THE HOUND OF THE BASKERVILLES
The Hound of the Baskervilles is one of the best-known Sherlock Holmes stories, its blending of the supernatural with murder making it all but irresistible to audiences. The 1983 television adaptation, while perhaps not as well known as others, is a surprisingly strong version that should be better known.
Dr. Mortimer (Denholm Elliot) comes to celebrated detective Sherlock Holmes (Ian Richardson) for help. Sir Charles Baskerville has died from an apparent heart attack, but Dr. Mortimer suspects that at the very least, Sir Charles' death was connected to an old family legend of a demon hound that haunts the family.
This curse, brought about by a Baskerville ancestor's rape of a farmer's daughter, now may come upon the newest Lord of Baskerville Hall, Sir Charles' American nephew Sir Henry (Martin Shaw). Already there has been an attempt on his life, but who and why would anyone want Sir Henry dead? Holmes sends the loyal Dr. John Watson (Donald Churchill) to the moors to be his eyes and ears.
There are suspects aplenty. Could it be jealous drunk Geoffrey Lyon (Brian Blessed), angered over his abused wife's liaison with Sir Charles? What about the creepy servants Barrymore (Edward Judd) and/or his wife (Eleanor Bron)? Seemingly pleasant neighbors Beryl Stapleton (Glynis Barber) and her brother Jack (Nicholas Clay) may also have motive for murder.
The case comes to a conclusion, one involving fake Gypsies and lost-lost heirs, but also ending in romance and a bright future once the demon hound is brought to heel.
The Hound of the Baskervilles has a very elegant, polished look and feel, a major credit to producer Sy Weintraub. Despite some scenes being studio-bound The Hound of the Baskervilles does capture well the Gothic horror feel of the story. Sometimes the studio nature is hard to ignore, such as when the first attempt on Sir Henry is made on what is meant to be the streets of London. On the whole though, we do get a sense of this Victorian world.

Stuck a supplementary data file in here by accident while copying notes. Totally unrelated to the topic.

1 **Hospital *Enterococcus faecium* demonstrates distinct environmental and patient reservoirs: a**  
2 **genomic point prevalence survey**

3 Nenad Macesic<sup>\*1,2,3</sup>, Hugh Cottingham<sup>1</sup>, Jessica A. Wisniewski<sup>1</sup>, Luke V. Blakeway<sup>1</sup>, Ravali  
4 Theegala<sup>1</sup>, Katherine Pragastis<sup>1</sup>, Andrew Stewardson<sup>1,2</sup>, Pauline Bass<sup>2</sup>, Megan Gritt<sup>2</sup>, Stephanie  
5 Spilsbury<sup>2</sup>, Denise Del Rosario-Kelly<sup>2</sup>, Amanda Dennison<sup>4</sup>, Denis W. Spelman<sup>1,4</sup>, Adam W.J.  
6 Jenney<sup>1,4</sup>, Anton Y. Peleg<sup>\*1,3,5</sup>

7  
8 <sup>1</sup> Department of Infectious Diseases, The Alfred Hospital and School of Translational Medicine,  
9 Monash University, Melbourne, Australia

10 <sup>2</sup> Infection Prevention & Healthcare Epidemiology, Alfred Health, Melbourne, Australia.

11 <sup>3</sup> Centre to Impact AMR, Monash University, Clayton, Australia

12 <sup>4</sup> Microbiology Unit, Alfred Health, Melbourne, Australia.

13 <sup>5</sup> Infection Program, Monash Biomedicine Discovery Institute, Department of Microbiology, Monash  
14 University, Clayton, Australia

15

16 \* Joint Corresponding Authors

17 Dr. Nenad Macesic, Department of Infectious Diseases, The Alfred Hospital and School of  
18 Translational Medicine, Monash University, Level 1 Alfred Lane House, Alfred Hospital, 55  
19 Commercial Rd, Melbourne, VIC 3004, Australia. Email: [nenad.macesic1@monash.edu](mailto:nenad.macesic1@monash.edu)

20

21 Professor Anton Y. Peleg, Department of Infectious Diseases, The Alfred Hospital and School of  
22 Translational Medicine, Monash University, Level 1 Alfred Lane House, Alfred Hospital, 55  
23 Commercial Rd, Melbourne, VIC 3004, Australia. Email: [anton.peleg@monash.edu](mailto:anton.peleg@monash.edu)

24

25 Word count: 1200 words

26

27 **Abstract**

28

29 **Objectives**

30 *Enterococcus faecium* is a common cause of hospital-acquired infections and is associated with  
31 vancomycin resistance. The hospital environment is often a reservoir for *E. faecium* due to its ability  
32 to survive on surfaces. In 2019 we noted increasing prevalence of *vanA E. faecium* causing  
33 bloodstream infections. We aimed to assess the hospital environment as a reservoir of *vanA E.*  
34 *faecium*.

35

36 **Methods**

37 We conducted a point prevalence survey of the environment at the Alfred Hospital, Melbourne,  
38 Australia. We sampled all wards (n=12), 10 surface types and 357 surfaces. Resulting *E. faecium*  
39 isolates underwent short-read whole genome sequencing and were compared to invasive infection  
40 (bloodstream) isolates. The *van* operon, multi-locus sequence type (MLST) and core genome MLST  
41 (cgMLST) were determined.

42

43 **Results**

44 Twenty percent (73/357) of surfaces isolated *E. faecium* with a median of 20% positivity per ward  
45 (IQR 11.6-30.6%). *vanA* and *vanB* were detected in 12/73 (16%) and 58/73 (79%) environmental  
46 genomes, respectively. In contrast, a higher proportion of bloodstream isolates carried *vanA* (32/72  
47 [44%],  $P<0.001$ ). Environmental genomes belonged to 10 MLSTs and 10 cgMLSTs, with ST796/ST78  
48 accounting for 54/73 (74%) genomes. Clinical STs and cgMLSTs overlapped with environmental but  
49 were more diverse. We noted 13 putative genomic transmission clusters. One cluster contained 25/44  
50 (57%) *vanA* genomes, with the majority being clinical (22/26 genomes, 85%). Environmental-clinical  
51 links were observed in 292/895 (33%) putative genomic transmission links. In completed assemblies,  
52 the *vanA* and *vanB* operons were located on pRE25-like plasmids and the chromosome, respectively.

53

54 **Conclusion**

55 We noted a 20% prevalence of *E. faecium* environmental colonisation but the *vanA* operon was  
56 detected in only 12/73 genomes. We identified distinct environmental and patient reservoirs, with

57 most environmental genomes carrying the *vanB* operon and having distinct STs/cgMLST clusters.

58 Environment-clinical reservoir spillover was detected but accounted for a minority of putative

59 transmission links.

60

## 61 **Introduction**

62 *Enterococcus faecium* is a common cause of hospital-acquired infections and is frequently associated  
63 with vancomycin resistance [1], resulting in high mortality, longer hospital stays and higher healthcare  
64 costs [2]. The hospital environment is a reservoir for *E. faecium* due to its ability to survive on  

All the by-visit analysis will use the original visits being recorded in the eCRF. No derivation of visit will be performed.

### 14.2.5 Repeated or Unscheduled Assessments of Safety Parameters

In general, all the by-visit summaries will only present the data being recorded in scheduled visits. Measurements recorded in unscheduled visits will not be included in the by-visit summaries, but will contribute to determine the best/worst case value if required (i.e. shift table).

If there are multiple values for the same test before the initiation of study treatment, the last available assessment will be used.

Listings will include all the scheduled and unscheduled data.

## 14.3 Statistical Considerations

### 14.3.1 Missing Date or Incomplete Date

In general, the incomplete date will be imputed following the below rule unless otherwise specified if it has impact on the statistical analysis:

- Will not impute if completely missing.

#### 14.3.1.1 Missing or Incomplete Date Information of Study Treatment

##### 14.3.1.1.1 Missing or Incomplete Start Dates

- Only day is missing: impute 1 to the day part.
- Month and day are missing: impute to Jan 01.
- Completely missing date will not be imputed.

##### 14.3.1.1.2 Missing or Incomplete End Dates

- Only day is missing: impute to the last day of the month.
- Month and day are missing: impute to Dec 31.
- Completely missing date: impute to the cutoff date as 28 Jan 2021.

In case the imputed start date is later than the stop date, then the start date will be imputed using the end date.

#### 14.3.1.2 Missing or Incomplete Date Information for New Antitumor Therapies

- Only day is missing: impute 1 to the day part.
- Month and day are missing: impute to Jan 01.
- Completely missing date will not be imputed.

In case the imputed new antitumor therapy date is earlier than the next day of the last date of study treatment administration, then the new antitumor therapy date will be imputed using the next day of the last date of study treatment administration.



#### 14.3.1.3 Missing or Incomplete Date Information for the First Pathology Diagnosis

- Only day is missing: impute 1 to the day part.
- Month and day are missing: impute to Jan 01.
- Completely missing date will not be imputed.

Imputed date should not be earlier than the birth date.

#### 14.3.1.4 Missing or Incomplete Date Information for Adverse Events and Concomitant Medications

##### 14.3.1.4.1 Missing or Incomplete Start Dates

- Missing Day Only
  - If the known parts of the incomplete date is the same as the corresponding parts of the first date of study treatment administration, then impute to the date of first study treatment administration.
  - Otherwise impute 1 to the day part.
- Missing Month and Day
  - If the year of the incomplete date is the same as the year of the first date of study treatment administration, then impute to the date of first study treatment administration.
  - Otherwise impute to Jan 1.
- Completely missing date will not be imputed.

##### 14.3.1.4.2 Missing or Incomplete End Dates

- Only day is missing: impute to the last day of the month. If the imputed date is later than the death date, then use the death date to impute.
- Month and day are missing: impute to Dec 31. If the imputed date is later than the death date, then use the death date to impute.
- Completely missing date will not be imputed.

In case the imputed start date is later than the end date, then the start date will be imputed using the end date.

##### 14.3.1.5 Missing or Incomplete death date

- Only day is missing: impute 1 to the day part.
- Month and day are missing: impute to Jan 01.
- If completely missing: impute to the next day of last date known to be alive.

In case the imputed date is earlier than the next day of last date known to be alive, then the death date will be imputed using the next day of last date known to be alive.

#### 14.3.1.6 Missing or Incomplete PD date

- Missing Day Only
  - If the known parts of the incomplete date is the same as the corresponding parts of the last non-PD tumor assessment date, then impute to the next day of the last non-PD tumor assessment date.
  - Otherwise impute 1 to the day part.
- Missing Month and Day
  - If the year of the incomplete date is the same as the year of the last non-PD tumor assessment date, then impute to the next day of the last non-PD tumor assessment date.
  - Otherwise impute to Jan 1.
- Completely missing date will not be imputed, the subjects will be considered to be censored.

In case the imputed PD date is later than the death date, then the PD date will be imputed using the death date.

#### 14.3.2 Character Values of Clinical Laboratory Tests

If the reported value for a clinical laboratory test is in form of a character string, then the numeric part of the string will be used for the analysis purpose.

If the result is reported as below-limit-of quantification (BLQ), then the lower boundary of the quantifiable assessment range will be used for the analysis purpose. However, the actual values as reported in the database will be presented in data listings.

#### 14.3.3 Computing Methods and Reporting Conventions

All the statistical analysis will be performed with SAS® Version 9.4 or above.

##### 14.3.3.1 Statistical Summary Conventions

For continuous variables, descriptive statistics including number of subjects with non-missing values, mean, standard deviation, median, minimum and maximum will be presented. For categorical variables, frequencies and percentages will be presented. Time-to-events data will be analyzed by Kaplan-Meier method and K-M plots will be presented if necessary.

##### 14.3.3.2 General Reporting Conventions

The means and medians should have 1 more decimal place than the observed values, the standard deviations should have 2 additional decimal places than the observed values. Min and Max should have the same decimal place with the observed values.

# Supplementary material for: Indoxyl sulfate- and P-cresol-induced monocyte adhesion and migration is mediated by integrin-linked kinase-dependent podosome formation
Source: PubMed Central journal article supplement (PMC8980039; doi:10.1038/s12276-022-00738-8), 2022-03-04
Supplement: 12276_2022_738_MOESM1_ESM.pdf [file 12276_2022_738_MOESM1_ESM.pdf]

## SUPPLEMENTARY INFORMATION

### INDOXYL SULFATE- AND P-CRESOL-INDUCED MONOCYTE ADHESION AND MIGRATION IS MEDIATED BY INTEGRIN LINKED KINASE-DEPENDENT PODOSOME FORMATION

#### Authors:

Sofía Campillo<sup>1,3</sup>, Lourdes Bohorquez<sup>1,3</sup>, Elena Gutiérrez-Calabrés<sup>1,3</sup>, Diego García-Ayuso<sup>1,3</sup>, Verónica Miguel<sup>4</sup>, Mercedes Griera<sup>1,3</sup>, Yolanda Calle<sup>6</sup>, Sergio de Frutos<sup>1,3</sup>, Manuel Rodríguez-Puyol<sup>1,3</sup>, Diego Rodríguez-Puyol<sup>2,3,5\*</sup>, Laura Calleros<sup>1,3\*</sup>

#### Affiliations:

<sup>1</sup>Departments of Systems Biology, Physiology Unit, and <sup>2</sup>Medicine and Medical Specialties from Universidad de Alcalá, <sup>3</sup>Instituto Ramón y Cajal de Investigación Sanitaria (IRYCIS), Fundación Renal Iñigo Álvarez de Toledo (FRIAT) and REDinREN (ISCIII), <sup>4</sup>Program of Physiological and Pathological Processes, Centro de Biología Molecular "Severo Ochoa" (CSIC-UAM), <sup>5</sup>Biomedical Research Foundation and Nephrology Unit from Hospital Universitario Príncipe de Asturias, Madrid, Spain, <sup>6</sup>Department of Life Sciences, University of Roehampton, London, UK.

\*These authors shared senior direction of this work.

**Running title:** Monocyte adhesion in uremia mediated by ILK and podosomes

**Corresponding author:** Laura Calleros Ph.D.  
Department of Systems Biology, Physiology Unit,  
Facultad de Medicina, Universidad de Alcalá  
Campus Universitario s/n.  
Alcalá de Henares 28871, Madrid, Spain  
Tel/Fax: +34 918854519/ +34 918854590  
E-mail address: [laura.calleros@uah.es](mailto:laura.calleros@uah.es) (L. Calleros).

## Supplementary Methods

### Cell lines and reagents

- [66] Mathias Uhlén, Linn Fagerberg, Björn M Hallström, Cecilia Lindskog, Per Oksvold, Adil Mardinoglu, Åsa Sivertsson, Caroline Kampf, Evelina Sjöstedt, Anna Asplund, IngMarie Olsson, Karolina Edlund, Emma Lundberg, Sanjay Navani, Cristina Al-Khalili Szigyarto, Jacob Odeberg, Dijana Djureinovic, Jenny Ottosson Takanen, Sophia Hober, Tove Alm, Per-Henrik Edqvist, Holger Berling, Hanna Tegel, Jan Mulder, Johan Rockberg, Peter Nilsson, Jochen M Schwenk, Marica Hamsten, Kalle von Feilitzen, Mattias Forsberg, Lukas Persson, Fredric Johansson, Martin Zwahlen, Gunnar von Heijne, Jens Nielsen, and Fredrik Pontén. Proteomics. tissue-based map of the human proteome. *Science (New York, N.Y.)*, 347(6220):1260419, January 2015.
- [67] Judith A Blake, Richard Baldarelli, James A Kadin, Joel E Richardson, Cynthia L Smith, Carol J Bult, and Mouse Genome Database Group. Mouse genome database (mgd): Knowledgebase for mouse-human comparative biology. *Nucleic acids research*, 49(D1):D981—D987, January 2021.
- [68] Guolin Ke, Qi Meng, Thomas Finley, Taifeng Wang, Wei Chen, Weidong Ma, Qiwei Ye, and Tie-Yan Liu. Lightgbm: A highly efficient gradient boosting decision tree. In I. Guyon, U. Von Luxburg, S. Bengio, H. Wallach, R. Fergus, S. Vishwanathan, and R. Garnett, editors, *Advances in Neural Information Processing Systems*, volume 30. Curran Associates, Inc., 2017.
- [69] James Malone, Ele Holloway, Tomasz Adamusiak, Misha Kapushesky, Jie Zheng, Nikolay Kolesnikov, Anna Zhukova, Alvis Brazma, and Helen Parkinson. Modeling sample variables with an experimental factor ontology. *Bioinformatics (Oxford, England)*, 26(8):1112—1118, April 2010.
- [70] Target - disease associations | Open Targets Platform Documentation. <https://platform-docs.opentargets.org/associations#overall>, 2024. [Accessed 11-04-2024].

The performances on the whole are also on the whole good. Ian Richardson is not usually thought of in terms of Sherlock Holmes actors, let alone among the great ones. He makes a case for why he should rank higher on lists as he does a great job as the Great Detective. Richardson brings Holmes' arrogance and snobbery but allows him a slight touch of humor. He does, for better or worse, bear a strong resemblance to Peter Cushing where if you look fast you would think it was Cushing as Holmes, but that is a minor point. Richardson in a sense has a dual role, and he manages both well albeit that it soon becomes clear who is who.
Elliot keeps to a persona of a bumbling, slightly addled figure with his Dr. Mortimer. He was the closest to comedy relief, but he could also be serious when needed. Shaw was a bit blank as Sir Henry, but I put it to the efforts to have him try to speak with an American accent (he was eventually dubbed). Shaw seemed a bit removed from things, but that is a minor point. Perhaps the best performance save for Richardson was Clay, called to play multiple roles and doing each one well.
On the other extreme is Brian Blessed, a man who has built an entire career out of being bombastic to the Nth degree. Here he is simply unrestrained as Lyons, though to be fair his last scene where he tearfully denies committing murder shows he can on occasion tone it down.
As a side note, his story remains unresolved at the end of the film.
With regards to Churchill's Dr. Watson, he sticks with the Nigel Bruce interpretation as a thickheaded blubbering idiot, which is something much to my disliking. Pity that it wasn't until the Guy Ritchie films that the good Doctor had some kind of rehabilitation.
The Hound of the Baskervilles is a well-acted, well-crafted adaptation of the Sir Arthur Conan Doyle novel that hopefully gets more attention. Perhaps a bit too artsy at times (Sir Hugo's rape of the young girl intercut with a drowning horse a bit much) but on the whole I was surprised how good The Hound of the Baskervilles was.
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